American Energy Security and Climate Change

American Energy Security and Climate Change
Daniella Beccaria/seattlepi.com via AP

 

This week the House of Representatives is scheduled to vote on legislation that would permanently ban any future offshore oil and natural gas activity in the Eastern Gulf of Mexico and along the Outer Continental Shelf of the Atlantic and Pacific Oceans.  If successful, these measures could strongly affect future oil and natural gas production at a time when technology and government cooperation have dramatically improved every aspect of the industry.  

The Gulf of Mexico remains a prime resource for oil and gas, currently providing 16 percent of all domestic oil production.  Local revenue sharing from these activities provides major economic benefits to neighboring states, particularly Louisiana.  Permanently restricting activity in the Eastern Gulf will take both oil and revenues off the table, and will not deter future offshore development activities further to the south, by Mexico. 

Banning all future activities many miles offshore in the waters of the Atlantic and Pacific Oceans would preclude even the most careful exploration using sophisticated technology. It is difficult for most Americans to believe that ninety four percent of our offshore federal acreage is today off limits to oil and gas exploration and development. Yet our neighbors are already aggressively pursuing and benefitting from the Gulf.

These proposed restrictions are taking place at a time when offshore exploration and production is expanding around the globe. Nearly 30 percent of global crude oil output now comes from offshore production.  Natural gas output from offshore has risen by 50 percent since the year 2000.  China and Russia are exploring in the Arctic.  Saudi Arabia and Norway remain highly active.  Mexico is rapidly expanding its own activities in the Gulf, including a recent lease for exploration by China.  Brazil has become a global leader in deepwater production.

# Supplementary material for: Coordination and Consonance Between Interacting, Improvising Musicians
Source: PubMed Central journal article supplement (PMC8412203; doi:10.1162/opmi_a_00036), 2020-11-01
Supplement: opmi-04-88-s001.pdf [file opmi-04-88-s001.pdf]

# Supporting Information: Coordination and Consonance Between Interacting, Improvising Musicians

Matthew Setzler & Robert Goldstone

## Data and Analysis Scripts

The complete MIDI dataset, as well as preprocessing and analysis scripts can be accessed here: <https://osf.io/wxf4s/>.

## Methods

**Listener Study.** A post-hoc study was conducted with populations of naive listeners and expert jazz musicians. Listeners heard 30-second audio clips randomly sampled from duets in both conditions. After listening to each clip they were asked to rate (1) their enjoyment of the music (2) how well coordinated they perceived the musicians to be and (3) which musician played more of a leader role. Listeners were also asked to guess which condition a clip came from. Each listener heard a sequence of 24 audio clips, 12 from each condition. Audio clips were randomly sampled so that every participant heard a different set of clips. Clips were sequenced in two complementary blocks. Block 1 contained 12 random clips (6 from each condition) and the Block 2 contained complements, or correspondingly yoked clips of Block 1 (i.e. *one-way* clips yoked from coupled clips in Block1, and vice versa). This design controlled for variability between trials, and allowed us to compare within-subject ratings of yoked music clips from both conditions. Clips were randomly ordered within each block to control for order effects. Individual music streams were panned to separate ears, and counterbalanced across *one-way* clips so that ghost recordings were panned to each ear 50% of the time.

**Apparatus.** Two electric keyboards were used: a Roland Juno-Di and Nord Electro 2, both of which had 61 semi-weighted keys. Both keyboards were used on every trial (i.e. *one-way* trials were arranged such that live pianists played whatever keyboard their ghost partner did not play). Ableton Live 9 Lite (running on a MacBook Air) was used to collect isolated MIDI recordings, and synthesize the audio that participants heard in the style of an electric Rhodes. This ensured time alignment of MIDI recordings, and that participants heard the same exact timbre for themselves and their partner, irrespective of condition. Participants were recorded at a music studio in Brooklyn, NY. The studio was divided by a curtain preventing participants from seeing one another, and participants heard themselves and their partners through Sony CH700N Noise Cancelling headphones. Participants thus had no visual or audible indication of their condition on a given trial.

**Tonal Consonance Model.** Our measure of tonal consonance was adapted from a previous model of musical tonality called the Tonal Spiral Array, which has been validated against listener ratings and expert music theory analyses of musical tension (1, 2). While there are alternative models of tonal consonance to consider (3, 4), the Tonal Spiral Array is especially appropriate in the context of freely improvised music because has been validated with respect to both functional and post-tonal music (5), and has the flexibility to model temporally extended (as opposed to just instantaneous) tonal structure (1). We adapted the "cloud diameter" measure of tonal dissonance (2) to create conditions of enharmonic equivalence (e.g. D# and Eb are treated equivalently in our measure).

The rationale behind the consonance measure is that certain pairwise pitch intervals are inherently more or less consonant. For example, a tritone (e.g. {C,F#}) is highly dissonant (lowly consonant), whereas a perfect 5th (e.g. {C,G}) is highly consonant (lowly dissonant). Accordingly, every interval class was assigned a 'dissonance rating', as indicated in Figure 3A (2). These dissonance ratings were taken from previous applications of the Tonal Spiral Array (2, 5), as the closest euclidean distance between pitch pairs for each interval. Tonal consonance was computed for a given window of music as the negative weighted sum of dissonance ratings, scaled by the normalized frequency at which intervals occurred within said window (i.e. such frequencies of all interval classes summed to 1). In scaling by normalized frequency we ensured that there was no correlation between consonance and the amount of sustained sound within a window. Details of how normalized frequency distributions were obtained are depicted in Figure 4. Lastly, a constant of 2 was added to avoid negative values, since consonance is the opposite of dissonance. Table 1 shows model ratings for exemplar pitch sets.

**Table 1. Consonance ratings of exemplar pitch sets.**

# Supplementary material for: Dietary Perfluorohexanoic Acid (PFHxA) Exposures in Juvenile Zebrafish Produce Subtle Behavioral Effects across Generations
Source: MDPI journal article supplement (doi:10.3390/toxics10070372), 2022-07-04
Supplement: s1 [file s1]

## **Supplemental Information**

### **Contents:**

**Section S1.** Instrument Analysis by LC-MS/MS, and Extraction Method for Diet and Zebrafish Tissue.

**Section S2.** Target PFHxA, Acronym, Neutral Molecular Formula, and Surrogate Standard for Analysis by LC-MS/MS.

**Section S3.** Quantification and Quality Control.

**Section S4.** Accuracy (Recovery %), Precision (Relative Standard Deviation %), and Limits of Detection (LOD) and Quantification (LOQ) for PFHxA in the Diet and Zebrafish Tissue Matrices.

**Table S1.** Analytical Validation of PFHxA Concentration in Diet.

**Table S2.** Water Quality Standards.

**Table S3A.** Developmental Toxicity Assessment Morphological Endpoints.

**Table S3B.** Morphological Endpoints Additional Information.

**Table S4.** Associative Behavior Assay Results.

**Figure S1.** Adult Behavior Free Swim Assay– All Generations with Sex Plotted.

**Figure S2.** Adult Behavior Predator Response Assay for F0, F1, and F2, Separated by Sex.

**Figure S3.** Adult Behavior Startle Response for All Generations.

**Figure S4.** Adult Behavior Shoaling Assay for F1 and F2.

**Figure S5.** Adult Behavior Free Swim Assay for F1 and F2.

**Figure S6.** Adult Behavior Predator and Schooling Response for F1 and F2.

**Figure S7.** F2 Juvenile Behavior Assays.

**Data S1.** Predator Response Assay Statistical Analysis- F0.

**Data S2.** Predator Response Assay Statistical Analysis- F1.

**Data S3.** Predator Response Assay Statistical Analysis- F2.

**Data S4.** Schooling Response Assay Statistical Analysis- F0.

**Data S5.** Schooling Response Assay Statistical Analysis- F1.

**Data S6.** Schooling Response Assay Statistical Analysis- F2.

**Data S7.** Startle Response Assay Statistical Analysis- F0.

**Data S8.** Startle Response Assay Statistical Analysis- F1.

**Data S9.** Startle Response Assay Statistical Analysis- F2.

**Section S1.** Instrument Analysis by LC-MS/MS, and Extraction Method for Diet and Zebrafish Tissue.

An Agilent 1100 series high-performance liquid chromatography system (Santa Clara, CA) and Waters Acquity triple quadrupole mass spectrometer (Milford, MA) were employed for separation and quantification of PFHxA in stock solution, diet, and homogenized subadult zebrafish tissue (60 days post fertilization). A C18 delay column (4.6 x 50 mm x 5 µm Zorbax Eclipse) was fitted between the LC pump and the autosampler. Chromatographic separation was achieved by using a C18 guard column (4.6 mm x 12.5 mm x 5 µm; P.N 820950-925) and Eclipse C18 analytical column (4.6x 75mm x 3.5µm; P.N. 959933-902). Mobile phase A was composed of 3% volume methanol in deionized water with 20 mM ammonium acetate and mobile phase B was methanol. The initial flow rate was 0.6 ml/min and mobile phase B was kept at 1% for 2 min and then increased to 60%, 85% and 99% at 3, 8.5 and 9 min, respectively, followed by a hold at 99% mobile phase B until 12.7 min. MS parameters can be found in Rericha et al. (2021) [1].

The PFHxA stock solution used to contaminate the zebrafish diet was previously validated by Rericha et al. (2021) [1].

These early votes in the House are about more than offshore exploration.  They comprise the opening salvoes of the 2020 election process.  From presidential candidates to those running for Congress, the national leadership of the Democratic Party has signaled that its top political issue in 2020 will be climate change, including proposals for a dramatic restructuring of America’s energy policies, practices and infrastructure.

The Democratic majority in the House and most of that Party’s presidential candidates are simply not interested in stopping future offshore oil exploration and extraction.  Their clear objective is to eliminate all fossil fuels, as soon as possible.  We are seeing proposals to spend trillions of dollars toward the elimination of all fossil fuels within the next decade, to be replaced through vaguely worded policies designed to bring about unbounded amounts of alternate energy that, frankly, do not yet exist. 

As one example, candidate Kamala Harris recently released her “10 Trillion Dollar Climate Change Plan,” which at bottom would “require the world to reduce greenhouse gas emissions roughly 50 percent by 2030 and reach net zero global emissions by 2050.” Terming the United States “the largest single greenhouse gas emitter in history,” she offers “a bold target to exceed the Paris Agreement climate goals and achieve a clean economy by 2045, investing $10 trillion in public and private funding to meet the initial 10-year mobilization.  By 2030 we will run on 100 percent carbon neutral electricity, all new buses, heavy duty vehicles, and vehicle fleets will be zero emission.  All new buildings will be carbon-neutral.”